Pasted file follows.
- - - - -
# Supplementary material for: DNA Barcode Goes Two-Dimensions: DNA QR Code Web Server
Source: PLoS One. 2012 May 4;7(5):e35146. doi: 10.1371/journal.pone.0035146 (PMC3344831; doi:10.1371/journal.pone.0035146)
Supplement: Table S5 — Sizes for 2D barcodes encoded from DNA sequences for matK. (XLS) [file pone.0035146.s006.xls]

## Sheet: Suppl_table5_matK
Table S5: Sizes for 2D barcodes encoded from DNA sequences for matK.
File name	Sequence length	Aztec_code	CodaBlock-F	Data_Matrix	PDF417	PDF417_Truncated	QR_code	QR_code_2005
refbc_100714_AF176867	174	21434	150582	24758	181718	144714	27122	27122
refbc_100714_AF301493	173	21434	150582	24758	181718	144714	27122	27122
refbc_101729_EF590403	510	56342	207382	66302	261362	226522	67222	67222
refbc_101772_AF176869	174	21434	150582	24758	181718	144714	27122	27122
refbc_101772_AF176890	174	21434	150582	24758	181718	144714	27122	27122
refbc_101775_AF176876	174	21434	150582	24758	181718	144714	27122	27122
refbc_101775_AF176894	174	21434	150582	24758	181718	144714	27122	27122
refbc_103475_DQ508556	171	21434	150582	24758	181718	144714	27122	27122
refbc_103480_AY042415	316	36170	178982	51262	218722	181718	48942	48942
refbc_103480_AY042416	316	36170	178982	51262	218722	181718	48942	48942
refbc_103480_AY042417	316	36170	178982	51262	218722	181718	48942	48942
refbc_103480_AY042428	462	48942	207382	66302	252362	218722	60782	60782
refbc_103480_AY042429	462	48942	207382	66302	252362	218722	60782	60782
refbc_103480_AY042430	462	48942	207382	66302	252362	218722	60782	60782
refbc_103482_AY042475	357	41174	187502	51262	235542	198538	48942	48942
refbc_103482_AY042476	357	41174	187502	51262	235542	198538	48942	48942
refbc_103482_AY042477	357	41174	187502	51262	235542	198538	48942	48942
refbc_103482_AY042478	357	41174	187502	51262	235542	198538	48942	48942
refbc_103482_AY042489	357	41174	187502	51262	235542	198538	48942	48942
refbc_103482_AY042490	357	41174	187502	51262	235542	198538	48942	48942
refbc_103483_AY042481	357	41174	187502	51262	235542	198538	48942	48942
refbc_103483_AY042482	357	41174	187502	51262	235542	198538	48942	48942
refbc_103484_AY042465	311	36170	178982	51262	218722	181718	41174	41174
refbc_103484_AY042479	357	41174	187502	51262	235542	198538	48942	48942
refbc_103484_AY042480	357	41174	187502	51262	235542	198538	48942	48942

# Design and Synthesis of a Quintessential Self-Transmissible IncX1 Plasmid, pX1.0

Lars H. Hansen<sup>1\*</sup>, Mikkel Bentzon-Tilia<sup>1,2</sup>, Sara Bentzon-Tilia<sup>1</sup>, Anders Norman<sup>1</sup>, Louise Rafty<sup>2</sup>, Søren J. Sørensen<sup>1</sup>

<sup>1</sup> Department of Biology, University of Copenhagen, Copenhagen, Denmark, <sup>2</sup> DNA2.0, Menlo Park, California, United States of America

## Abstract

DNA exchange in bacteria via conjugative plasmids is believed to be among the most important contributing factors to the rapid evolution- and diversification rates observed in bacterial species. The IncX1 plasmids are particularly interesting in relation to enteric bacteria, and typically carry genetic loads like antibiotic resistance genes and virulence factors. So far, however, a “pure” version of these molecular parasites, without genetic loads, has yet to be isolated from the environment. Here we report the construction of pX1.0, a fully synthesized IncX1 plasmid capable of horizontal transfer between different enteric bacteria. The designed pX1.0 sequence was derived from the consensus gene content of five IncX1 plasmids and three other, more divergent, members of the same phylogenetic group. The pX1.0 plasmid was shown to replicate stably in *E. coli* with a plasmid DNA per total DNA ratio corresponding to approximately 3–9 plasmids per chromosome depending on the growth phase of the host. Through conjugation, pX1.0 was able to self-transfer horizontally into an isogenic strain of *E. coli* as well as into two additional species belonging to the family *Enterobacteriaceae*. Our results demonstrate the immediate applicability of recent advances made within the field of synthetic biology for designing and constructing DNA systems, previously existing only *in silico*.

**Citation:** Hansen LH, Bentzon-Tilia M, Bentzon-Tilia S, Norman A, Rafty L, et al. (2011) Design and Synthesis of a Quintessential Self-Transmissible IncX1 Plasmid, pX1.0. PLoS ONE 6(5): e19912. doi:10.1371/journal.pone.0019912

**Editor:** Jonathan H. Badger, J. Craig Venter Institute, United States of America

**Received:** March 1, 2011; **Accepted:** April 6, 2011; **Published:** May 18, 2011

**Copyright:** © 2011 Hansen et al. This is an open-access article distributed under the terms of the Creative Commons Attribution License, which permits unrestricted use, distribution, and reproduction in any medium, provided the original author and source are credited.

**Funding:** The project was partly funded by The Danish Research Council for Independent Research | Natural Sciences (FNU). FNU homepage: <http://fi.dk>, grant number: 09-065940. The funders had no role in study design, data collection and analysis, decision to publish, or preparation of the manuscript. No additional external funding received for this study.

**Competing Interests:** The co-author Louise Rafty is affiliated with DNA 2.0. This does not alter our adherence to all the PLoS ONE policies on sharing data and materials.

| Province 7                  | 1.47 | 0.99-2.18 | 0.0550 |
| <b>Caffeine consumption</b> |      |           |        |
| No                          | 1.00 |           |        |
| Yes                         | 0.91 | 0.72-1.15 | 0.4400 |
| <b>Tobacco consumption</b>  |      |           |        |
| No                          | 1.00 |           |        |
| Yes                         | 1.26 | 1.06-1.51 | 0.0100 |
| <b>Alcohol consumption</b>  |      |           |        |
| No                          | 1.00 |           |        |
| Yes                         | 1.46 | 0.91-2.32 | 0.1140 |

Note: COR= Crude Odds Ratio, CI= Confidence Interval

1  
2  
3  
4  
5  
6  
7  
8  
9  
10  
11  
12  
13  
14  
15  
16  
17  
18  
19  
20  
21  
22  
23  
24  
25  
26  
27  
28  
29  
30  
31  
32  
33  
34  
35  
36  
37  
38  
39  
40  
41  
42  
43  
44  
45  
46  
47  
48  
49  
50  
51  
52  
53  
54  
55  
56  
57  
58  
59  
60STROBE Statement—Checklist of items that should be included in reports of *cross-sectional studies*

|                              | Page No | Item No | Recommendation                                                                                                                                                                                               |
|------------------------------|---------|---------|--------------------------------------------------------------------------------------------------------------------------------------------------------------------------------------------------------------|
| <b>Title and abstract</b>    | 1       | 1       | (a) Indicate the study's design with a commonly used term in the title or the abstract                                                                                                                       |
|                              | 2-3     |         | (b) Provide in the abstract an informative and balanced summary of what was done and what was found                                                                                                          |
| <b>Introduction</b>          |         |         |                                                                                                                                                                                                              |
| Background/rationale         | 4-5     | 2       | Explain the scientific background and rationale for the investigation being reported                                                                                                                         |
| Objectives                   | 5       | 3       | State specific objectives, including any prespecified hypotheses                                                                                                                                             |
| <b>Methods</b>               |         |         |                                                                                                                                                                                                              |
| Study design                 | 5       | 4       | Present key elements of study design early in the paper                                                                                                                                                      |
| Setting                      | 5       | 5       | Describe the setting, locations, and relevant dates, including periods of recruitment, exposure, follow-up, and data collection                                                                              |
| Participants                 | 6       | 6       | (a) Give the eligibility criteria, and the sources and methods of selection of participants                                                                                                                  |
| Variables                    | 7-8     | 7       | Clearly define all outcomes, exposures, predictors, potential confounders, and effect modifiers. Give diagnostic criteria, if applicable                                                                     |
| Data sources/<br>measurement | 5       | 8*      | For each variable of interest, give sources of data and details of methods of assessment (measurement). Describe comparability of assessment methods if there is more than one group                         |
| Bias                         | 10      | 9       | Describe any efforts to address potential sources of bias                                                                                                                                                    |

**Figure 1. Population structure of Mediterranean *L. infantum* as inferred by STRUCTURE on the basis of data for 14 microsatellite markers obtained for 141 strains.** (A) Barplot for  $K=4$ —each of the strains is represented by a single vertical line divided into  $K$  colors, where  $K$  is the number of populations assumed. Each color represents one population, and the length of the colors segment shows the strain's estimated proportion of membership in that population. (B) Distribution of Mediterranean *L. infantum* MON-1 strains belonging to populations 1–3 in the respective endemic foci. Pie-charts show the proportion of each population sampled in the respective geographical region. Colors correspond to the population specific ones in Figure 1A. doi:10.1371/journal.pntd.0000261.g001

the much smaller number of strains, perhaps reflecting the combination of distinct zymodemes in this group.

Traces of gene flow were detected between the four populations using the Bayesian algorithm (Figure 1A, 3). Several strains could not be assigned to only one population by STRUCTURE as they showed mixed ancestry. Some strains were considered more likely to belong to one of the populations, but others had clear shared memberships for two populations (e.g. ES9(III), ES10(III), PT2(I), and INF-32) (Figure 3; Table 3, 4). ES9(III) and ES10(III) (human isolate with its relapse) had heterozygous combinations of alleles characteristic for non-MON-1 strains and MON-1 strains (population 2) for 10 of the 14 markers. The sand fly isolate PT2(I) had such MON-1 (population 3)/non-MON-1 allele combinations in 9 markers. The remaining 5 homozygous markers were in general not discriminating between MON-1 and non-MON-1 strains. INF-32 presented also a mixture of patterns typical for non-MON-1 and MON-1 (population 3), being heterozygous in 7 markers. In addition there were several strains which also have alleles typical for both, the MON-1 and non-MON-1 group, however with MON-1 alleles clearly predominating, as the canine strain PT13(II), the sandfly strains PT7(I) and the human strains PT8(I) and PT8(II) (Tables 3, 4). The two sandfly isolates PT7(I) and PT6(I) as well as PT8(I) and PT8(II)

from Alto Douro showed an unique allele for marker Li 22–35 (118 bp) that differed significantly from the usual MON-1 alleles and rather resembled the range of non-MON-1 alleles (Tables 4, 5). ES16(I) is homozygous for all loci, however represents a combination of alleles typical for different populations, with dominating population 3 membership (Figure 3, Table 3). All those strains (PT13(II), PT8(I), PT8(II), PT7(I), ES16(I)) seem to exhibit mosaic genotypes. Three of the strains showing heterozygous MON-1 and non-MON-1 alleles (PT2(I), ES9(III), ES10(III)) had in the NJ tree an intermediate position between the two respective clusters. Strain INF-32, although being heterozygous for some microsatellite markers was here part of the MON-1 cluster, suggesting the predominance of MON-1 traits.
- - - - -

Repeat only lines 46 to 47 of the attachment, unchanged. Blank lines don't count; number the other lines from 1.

| Yes                         | 0.91 | 0.72-1.15 | 0.4400 |
| <b>Tobacco consumption</b>  |      |           |        |